Knowing my love of all things witchy, my sister gave me a copy of The Witch’s Kiss for my 19th birthday. I fell in love with Merry straight away. Who doesn’t love a great teenage witch? Katharine and Elizabeth are such a great writing team and wonderful people that I was able to meet via Twitter. Their banter, wit and love for each other shine through the characters they created in The Witch’s Kiss.
‘Witches do not kneel.’
I have read a lot of novels about witches and I think (nearly) all of them have a strongly feminist element. History has handed down tales of persecution of witches as our patriarchal society has attempted to control and subdue women. Witches represent the ultimate rebellion against patriarchy. They are strong, independent women that made the men of history afraid because they couldn’t be controlled. So they killed them in great numbers, even those that weren’t witches (and yes, many men as well!). The Witch’s Kiss touches on these themes with a cleverly executed blend of fairy tale and modern witch story. Katharine and Elizabeth create a world that is completely believable, while retaining classic fairy tale triangle of witches, princes and an evil wizard. Equally believable is the main character of the novel, Merry, a teenage girl in modern England that just happens to be a witch and descendant of the medieval witch, Meredith.
‘Merry was dreaming about blood.’
Merry dreams, she swears, thinks her brother is a pain in the neck, struggles to finish her homework, is messy, restless, spends hours texting and playing games on her phone, has trouble controlling her magic. I love novels that make you identify with the characters, and Merry’s red hair and quirky ways had me identifying with her straight away.
‘Gwydion ran his finger under the collar of his tunic, and wished he could stop sweating.’
Gwydion is the evil wizard and a totally despicable villain. But we see he has a vulnerable side as well. The novel reveals the sequence of events that turns Gwydion evil, not that this excuses his subsequent behaviour in any way but helps our understanding. In many ways, the evil character in a fairy tale is a metaphor for bad relationships and the way many men turn to physical or verbal violence when things don’t go their way. Gwydion was the son of a former slave, mocked by the castle’s servants, angry and powerless, scheming for revenge. This is a revenge that plays out over a very long time, eventually centuries. Gwydion is so bent on revenge it twists everything he does until he is so consumed by it the original hurt hardly seems justification any longer.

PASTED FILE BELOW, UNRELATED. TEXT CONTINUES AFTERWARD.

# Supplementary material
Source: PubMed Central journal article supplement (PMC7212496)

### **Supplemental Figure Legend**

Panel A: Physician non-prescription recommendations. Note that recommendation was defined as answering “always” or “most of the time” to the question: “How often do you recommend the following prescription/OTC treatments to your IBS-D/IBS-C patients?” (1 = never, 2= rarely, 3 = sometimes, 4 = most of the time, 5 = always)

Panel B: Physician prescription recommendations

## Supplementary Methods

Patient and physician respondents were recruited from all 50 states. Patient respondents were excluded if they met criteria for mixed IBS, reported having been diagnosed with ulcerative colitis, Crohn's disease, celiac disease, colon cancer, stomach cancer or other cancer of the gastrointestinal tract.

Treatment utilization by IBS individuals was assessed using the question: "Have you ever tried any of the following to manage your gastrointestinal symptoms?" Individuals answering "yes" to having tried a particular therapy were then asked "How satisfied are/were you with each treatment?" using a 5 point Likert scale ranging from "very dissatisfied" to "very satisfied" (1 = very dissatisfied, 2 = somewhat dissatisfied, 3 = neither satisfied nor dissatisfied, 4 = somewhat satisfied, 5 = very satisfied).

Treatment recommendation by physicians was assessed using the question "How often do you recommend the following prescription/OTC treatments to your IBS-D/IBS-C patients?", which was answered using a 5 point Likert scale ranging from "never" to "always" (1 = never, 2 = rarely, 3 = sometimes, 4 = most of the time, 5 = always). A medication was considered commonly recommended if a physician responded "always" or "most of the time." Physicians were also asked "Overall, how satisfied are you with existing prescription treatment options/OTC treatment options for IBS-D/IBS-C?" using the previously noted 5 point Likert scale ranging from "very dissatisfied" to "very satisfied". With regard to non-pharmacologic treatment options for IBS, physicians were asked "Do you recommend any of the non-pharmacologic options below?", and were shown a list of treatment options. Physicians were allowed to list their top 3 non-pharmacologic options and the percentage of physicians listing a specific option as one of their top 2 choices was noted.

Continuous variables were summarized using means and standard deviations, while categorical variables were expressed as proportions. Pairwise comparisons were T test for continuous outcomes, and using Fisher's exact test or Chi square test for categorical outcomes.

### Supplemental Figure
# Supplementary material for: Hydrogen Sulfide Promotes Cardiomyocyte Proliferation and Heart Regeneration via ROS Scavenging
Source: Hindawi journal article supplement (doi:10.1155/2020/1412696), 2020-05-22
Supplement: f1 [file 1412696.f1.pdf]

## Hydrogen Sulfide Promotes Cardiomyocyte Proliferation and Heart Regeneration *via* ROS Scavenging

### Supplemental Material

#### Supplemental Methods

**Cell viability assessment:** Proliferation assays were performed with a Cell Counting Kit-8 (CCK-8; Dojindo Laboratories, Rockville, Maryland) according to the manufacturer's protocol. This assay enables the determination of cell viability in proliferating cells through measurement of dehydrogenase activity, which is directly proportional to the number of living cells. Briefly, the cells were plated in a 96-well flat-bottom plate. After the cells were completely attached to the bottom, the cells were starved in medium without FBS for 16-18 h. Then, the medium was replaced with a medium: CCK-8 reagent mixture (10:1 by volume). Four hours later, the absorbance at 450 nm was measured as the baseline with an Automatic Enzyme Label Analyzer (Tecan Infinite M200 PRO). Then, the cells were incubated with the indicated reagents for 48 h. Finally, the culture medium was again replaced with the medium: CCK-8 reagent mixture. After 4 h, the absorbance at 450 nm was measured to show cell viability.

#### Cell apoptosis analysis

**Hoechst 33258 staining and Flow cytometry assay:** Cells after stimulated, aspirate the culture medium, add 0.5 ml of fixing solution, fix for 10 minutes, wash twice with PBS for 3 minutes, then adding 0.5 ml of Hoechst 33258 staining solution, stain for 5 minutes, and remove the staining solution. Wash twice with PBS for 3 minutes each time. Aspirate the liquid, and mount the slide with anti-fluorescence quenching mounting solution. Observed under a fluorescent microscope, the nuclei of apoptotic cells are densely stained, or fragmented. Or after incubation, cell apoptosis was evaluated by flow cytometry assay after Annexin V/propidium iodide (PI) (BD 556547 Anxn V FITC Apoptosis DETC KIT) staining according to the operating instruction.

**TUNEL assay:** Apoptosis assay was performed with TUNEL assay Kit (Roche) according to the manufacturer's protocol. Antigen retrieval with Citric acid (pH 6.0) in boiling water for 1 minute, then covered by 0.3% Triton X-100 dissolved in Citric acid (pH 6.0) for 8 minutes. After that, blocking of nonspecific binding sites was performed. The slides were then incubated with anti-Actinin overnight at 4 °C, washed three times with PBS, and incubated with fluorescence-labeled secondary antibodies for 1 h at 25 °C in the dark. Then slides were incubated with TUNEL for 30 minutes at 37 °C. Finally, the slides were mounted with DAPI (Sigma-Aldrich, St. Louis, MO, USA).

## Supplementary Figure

‘Jack? Jack!Where are you, lad?’
Jack is the King of Hearts. Forced to become Gwydion’s evil servant he is actually the son of the King and the Queen. Cursed by Gwydion as a baby, Jack is hidden away and raised as a commoner. Of course, he is the love interest for Merry but I don’t feel we really get to know Jack. We are led to believe he has a good heart but all his actions are controlled by Gwydion. Is this just an excuse? Another metaphor for male behaviour in relationships? I think so. Merry, though, falls in love with Jack and sees the good in him. Maybe her love can so him. Poor, naïve girl!
‘Leo was home by early afternoon.’
Leo is a foil for Merry. Her brother is very close to her even though they fight all the time. He isn’t magical but he supports Merry’s journey, having her back all the way even though he is dealing with his own issues. One of those is Leo’s search for love that doesn’t involve a fairy tale prince, but really he is searching for his own prince. He doesn’t find love in the fairy tale world and his issues are firmly planted in the real world. This is kind of interesting because traditional fairy tales didn’t treat being gay as a problem to be overcome but the real world does. When he does find love it just feels so right and natural (sorry, jumping ahead two novels!).
The Witch’s Kiss
The Witch’s Kiss is an amazing young adult novel that creates great characters and a truly believable world. The plot is intriguing enough to make you want to keep turning pages and there are enough twists to keep any teenage girl happy.
The Witch’s Tears
The Witch’s Tears was a wonderful follow-up to the first novel. We get to learn more about the characters and how they dealt with the emotional turns from the events of The Witch’s Kiss. If I had one complaint (and it’s a small one) it’s that The Witch’s Tears reminded me of The Empire Strikes Back. This is often a problem with middle books in a trilogy where the events are setting up the action and climax to come in the third story. I don’t think you could read The Witch’s Tears without having read the first and third novels. Then again, maybe that is what makes a great trilogy.
The Witch’s Blood
Last night I finished reading The Witch’s Blood and OMG!! There is more at stake, it’s possibly more exciting and the end left me crying! Merry knows what she can do now, but should she? Her community is against her and can her actions be justified because she is saving the people she loves? How is that different to Ronan’s actions? There is a blurry moral ground here. I also liked the environmental theme running through The Witch’s Blood. Merry’s magic – like modern consumption – comes at a cost to the land and eventually she has to make a choice.
I don’t usually do this in a review but I want to thank Katharine and Elizabeth Corr for being such wonderful people and taking the time to talk to an ordinary Australian girl. The Witch’s Kiss, The Witch’s Tears and The Witch’s Blood are definitely among my favourite books of all time and I will always treasure them.